Possible additive effect on QT-interval prolongation1

Periodically monitor ECGs; monitor for and correct electrolyte abnormalities1 (see Prolongation of QT Interval under Cautions)

Ketoconazole

Ketoconazole increased peak concentrations and AUC of lenvatinib by 19 and 15%, respectively1 5

CYP3A, P-gp, and BCRP inhibitors: No dosage adjustment necessary1

Midazolam

Clinically important pharmacokinetic interaction unlikely1

Repaglinide

Clinically important pharmacokinetic interaction unlikely1

Rifampin

Rifampin (single dose) decreased lenvatinib AUC by 18%; peak plasma concentrations were unchanged1

When administered for 15 days, rifampin increased peak concentrations and AUC of lenvatinib by 33 and 31%, respectively1

CYP3A and P-gp inducers: No dosage adjustment necessary1

Lenvatinib Mesylate Pharmacokinetics

Absorption

Bioavailability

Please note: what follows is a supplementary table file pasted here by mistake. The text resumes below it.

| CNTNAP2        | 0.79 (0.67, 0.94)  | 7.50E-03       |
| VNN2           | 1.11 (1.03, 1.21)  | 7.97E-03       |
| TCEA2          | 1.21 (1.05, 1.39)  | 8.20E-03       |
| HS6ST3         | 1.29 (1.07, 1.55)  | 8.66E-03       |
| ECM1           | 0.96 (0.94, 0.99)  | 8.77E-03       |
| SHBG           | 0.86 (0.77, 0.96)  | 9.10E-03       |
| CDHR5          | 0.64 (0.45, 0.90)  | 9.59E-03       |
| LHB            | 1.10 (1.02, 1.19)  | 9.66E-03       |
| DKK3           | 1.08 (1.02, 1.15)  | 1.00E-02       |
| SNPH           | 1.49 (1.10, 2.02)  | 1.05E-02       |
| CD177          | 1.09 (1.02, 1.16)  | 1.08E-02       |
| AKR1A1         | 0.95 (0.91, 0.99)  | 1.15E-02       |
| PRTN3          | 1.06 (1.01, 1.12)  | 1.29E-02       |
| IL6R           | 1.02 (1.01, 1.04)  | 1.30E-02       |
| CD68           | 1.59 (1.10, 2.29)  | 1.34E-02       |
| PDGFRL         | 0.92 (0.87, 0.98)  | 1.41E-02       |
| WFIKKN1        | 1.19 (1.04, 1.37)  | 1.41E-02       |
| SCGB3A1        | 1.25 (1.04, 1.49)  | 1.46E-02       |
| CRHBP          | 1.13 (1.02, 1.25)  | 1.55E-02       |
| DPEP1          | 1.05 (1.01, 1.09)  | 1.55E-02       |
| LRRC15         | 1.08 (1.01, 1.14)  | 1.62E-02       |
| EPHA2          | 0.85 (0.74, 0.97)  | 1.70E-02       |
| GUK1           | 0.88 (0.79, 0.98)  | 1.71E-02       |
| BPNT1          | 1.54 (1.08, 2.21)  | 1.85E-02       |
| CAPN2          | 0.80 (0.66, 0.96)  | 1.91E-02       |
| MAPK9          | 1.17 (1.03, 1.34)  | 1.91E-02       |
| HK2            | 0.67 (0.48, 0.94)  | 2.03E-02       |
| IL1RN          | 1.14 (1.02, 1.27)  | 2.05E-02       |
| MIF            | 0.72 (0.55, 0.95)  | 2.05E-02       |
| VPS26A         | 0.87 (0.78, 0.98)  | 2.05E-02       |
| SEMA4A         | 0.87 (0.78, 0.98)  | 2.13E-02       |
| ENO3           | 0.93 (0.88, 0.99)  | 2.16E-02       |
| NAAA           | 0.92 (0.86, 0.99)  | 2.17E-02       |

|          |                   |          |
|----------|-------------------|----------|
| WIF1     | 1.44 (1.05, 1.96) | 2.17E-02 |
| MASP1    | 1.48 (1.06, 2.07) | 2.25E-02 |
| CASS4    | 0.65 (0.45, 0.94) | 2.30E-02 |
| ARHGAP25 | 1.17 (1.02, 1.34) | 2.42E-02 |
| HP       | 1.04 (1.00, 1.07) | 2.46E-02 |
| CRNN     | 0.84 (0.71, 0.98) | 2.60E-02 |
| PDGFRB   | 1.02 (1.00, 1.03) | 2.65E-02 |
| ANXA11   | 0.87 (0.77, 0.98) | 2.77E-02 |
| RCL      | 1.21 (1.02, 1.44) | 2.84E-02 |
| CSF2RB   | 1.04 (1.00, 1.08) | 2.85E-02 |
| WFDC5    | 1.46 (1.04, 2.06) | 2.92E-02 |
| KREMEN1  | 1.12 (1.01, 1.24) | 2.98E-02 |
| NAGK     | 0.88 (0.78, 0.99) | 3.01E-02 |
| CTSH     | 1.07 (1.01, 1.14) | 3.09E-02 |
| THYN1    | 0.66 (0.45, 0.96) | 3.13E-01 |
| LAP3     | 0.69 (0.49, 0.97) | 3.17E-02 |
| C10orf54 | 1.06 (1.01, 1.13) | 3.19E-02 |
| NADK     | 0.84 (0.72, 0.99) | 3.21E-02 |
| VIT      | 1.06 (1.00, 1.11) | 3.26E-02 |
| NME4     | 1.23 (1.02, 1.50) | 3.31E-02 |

Following oral administration, peak plasma concentrations usually attained within 1–4 hours.1

Systemic exposure and peak plasma concentrations appear to increase in a proportional manner following single or repeated administration of lenvatinib 3.2–32 mg once daily.1

Food

Food decreases rate (time to peak concentration delayed by 2 hours) but does not substantially affect extent of absorption.1

Special Populations

Total exposure in individuals with mild (Clcr 60–89 mL/minute) and moderate renal impairment (Clcr 30–59 mL/minute) similar compared with individuals with normal renal function and was approximately 20% higher in those with severe renal impairment (Clcr <30 mL/minute).1 5

End-stage renal disease: Pharmacokinetics not studied.1

Mild (Child-Pugh class A), moderate (Child-Pugh class B), or severe (Child-Pugh class C) hepatic impairment: Dose-adjusted total exposure was 119, 107, or 180% higher, respectively, compared with individuals with normal hepatic function.1